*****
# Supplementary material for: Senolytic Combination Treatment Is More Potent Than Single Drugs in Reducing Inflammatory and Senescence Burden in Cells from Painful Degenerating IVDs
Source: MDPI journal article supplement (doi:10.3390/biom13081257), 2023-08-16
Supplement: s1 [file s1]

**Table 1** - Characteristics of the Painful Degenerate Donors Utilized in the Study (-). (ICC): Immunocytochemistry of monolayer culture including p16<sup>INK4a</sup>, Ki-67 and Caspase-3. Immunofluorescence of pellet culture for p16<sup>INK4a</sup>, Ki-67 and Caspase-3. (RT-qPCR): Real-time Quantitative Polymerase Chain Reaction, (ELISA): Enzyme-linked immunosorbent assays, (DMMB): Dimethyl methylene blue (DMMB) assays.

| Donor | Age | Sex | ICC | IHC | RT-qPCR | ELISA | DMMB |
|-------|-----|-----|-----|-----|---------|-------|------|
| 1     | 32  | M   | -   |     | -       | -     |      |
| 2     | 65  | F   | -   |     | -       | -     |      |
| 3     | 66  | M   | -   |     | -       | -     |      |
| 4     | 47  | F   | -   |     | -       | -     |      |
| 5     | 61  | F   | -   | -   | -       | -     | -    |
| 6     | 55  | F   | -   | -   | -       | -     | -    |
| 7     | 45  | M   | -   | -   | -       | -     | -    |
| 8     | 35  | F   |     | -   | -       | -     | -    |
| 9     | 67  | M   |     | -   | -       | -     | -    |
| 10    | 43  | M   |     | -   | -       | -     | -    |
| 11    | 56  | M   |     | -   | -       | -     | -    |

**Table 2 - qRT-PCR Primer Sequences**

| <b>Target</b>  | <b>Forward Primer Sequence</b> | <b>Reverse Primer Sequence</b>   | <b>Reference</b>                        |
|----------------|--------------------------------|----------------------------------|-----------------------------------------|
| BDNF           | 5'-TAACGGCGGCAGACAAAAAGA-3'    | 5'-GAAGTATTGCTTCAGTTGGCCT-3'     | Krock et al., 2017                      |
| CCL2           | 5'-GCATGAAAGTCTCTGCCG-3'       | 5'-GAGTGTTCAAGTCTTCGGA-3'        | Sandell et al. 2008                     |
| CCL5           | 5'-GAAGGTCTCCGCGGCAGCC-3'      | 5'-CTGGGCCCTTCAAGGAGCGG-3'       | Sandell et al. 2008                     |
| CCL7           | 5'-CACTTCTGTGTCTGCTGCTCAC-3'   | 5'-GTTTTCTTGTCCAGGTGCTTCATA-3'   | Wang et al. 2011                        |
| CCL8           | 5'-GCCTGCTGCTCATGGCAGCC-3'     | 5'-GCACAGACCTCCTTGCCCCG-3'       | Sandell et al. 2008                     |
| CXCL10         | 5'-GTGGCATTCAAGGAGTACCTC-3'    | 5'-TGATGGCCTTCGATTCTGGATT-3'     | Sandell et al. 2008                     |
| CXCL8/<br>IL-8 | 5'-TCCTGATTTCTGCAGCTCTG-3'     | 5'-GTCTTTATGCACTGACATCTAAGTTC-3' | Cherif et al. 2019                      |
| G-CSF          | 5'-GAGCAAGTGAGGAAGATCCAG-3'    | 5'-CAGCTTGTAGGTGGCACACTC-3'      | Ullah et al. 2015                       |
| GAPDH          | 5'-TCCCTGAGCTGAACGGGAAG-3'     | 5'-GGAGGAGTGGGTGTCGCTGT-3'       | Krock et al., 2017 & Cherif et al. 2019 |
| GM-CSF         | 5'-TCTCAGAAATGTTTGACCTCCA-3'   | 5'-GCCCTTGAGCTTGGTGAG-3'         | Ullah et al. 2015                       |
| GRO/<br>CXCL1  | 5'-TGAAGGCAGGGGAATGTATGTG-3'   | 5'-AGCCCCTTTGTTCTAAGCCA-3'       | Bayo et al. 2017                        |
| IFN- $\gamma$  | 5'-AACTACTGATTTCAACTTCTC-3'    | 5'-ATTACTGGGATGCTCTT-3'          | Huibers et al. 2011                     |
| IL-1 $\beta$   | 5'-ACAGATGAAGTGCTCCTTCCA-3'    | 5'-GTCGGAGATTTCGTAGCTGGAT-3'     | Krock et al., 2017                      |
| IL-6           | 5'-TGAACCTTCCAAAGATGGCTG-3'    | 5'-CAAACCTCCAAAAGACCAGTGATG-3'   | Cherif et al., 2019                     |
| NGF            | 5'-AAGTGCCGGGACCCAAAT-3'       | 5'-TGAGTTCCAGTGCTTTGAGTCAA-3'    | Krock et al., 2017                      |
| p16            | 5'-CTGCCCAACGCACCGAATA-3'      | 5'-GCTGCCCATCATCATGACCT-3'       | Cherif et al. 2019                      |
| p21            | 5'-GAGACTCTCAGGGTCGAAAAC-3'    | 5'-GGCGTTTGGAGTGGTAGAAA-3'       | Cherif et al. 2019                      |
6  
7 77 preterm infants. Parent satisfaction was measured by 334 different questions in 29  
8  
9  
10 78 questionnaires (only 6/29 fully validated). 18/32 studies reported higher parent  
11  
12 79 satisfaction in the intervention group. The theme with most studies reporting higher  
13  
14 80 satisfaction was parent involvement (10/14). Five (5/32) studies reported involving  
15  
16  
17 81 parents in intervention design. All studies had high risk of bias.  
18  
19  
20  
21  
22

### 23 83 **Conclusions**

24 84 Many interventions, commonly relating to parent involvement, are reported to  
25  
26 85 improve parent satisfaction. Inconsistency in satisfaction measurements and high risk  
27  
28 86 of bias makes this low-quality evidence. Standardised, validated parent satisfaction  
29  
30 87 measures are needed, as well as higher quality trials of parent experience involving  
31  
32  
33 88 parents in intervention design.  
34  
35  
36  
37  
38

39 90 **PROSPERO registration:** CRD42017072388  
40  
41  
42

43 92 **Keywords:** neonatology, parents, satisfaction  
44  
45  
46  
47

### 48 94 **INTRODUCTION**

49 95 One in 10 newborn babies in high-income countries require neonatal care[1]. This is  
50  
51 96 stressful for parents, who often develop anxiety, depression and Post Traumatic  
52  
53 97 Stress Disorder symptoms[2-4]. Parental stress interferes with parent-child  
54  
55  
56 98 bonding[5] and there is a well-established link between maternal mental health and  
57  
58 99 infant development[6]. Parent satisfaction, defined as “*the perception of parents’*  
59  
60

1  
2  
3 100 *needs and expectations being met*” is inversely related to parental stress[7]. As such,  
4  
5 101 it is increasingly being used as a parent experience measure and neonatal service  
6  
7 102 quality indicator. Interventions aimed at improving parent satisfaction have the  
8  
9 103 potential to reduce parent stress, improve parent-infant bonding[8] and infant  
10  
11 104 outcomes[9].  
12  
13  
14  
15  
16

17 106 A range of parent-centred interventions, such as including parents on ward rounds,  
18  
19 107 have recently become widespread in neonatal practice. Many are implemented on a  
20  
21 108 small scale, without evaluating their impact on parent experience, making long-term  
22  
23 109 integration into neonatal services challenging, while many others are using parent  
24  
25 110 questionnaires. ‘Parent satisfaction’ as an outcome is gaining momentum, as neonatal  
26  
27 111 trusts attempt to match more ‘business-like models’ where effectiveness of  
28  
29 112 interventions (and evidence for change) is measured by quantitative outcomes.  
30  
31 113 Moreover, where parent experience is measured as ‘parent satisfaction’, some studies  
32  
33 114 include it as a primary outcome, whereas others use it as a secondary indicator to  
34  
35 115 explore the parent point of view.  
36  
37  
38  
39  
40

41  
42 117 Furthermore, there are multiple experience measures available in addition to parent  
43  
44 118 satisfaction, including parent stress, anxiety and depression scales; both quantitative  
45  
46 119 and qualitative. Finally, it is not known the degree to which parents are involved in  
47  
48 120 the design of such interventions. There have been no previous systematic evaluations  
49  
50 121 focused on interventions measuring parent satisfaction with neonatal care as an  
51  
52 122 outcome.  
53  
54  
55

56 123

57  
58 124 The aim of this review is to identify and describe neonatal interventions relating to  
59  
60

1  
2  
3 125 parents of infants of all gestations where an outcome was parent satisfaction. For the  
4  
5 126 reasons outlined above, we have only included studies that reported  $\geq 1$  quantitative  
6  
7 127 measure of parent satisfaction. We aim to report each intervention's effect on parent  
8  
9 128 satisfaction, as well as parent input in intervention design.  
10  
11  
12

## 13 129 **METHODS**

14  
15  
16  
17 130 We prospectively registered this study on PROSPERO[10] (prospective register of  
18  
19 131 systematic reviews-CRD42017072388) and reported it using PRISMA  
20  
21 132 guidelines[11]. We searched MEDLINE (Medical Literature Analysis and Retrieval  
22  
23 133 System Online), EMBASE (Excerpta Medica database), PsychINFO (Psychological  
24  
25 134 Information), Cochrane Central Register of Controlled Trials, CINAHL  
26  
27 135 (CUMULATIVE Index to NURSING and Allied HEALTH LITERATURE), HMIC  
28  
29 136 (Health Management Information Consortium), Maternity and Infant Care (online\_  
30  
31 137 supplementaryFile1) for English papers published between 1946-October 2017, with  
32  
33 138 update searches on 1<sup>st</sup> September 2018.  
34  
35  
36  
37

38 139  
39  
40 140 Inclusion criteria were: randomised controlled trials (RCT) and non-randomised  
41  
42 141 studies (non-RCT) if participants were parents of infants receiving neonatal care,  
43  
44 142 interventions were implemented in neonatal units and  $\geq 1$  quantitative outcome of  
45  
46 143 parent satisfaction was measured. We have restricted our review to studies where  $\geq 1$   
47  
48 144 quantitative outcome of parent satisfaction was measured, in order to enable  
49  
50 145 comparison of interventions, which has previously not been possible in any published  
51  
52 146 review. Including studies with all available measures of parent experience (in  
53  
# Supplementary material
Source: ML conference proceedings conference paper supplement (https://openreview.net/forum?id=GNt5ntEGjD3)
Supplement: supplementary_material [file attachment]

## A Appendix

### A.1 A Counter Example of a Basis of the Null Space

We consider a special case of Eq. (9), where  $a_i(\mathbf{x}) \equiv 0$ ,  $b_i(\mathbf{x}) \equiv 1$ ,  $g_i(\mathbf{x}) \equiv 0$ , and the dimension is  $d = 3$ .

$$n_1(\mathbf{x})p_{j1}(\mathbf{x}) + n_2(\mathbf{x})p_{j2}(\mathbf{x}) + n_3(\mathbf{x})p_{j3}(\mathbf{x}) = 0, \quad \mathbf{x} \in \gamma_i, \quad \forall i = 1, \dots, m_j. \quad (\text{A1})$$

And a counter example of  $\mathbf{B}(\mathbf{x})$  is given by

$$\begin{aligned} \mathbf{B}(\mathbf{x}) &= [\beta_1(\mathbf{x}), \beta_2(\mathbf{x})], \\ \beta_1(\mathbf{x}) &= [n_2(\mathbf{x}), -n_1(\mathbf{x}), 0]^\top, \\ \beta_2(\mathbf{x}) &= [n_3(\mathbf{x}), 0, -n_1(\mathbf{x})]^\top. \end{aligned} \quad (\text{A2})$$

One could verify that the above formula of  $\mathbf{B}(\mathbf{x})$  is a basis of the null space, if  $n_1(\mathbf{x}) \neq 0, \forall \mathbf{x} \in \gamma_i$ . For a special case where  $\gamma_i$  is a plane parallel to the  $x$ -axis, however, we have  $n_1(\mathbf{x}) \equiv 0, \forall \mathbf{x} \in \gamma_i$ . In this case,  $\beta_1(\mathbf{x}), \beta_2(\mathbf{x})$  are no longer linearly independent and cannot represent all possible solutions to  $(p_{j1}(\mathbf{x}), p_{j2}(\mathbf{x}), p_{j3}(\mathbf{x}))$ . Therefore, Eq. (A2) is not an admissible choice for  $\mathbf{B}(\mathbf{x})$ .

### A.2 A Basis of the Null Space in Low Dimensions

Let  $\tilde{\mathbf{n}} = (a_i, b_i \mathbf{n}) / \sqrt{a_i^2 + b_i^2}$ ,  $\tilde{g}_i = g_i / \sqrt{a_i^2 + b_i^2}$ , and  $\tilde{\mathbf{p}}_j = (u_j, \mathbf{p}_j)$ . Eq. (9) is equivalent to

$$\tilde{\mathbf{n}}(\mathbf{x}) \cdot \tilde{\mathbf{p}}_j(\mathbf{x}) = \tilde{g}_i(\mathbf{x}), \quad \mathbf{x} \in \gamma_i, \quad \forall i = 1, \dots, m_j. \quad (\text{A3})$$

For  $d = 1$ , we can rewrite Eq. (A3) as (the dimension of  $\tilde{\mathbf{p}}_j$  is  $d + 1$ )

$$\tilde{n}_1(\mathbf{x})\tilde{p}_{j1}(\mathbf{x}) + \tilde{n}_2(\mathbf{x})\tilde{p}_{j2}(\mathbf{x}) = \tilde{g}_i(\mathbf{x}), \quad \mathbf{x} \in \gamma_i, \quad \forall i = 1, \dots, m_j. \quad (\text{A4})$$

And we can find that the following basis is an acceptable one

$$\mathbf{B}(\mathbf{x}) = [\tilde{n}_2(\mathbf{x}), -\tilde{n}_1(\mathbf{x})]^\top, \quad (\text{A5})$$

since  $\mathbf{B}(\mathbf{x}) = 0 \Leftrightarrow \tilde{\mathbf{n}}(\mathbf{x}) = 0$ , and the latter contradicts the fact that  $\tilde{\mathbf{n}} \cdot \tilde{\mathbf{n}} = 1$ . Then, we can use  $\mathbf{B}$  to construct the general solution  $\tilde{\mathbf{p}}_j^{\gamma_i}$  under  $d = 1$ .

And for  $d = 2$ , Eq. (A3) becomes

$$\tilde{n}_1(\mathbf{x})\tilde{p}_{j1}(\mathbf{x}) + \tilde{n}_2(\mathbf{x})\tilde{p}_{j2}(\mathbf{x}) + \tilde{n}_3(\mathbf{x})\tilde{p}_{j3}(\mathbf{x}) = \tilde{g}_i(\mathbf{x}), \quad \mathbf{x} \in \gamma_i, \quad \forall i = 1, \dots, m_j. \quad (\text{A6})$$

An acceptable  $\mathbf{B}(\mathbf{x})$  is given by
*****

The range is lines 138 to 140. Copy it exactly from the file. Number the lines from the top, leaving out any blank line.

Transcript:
46 119 and qualitative. Finally, it is not known the degree to which parents are involved in  
47  
48 120 the design of such interventions. There have been no previous systematic evaluations  